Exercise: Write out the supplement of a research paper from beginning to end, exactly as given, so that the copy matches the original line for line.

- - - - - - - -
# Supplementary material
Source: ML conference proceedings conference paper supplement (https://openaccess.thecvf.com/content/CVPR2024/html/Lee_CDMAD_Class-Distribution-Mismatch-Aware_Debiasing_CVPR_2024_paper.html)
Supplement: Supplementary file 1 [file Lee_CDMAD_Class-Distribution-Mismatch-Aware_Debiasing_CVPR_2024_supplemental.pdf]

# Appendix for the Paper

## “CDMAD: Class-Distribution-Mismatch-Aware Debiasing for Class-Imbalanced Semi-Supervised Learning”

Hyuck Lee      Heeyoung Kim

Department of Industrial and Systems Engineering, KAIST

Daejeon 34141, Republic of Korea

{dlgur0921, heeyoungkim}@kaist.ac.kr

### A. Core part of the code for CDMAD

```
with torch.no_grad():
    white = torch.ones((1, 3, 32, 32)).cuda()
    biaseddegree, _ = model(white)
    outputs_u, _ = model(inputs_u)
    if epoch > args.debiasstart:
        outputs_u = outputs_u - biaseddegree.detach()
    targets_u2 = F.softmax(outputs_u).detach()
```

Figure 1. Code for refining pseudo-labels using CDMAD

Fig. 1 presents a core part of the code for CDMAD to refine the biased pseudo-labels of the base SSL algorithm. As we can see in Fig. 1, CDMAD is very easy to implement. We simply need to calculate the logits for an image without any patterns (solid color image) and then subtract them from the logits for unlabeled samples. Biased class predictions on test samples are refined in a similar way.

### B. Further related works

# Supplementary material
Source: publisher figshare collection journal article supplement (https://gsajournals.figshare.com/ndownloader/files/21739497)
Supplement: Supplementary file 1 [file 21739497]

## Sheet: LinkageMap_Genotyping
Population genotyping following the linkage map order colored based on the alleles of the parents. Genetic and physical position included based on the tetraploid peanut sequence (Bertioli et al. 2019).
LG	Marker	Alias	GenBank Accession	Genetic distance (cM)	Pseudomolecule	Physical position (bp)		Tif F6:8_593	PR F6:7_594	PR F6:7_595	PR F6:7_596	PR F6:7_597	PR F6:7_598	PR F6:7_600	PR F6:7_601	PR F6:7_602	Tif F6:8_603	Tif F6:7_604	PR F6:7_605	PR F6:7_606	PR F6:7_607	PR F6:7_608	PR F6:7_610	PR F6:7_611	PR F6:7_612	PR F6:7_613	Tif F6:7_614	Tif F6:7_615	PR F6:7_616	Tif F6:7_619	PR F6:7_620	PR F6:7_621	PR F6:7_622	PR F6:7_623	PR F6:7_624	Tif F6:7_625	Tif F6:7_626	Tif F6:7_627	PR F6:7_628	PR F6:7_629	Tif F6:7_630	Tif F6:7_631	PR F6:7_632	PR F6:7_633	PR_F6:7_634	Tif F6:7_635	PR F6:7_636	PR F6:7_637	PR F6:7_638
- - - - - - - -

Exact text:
# Supplementary material
Source: ML conference proceedings conference paper supplement (https://openaccess.thecvf.com/content/CVPR2024/html/Lee_CDMAD_Class-Distribution-Mismatch-Aware_Debiasing_CVPR_2024_paper.html)
Supplement: Supplementary file 1 [file Lee_CDMAD_Class-Distribution-Mismatch-Aware_Debiasing_CVPR_2024_supplemental.pdf]

# Appendix for the Paper

## “CDMAD: Class-Distribution-Mismatch-Aware Debiasing for Class-Imbalanced Semi-Supervised Learning”

Hyuck Lee      Heeyoung Kim

Department of Industrial and Systems Engineering, KAIST

Daejeon 34141, Republic of Korea

{dlgur0921, heeyoungkim}@kaist.ac.kr

### A. Core part of the code for CDMAD

```
with torch.no_grad():
    white = torch.ones((1, 3, 32, 32)).cuda()
    biaseddegree, _ = model(white)
    outputs_u, _ = model(inputs_u)
    if epoch > args.debiasstart:
        outputs_u = outputs_u - biaseddegree.detach()
    targets_u2 = F.softmax(outputs_u).detach()
```

Figure 1. Code for refining pseudo-labels using CDMAD

Fig. 1 presents a core part of the code for CDMAD to refine the biased pseudo-labels of the base SSL algorithm. As we can see in Fig. 1, CDMAD is very easy to implement. We simply need to calculate the logits for an image without any patterns (solid color image) and then subtract them from the logits for unlabeled samples. Biased class predictions on test samples are refined in a similar way.

### B. Further related works

# Supplementary material
Source: publisher figshare collection journal article supplement (https://gsajournals.figshare.com/ndownloader/files/21739497)
Supplement: Supplementary file 1 [file 21739497]

## Sheet: LinkageMap_Genotyping
Population genotyping following the linkage map order colored based on the alleles of the parents. Genetic and physical position included based on the tetraploid peanut sequence (Bertioli et al. 2019).
LG	Marker	Alias	GenBank Accession	Genetic distance (cM)	Pseudomolecule	Physical position (bp)		Tif F6:8_593	PR F6:7_594	PR F6:7_595	PR F6:7_596	PR F6:7_597	PR F6:7_598	PR F6:7_600	PR F6:7_601	PR F6:7_602	Tif F6:8_603	Tif F6:7_604	PR F6:7_605	PR F6:7_606	PR F6:7_607	PR F6:7_608	PR F6:7_610	PR F6:7_611	PR F6:7_612	PR F6:7_613	Tif F6:7_614	Tif F6:7_615	PR F6:7_616	Tif F6:7_619	PR F6:7_620	PR F6:7_621	PR F6:7_622	PR F6:7_623	PR F6:7_624	Tif F6:7_625	Tif F6:7_626	Tif F6:7_627	PR F6:7_628	PR F6:7_629	Tif F6:7_630	Tif F6:7_631	PR F6:7_632	PR F6:7_633	PR_F6:7_634	Tif F6:7_635	PR F6:7_636	PR F6:7_637	PR F6:7_638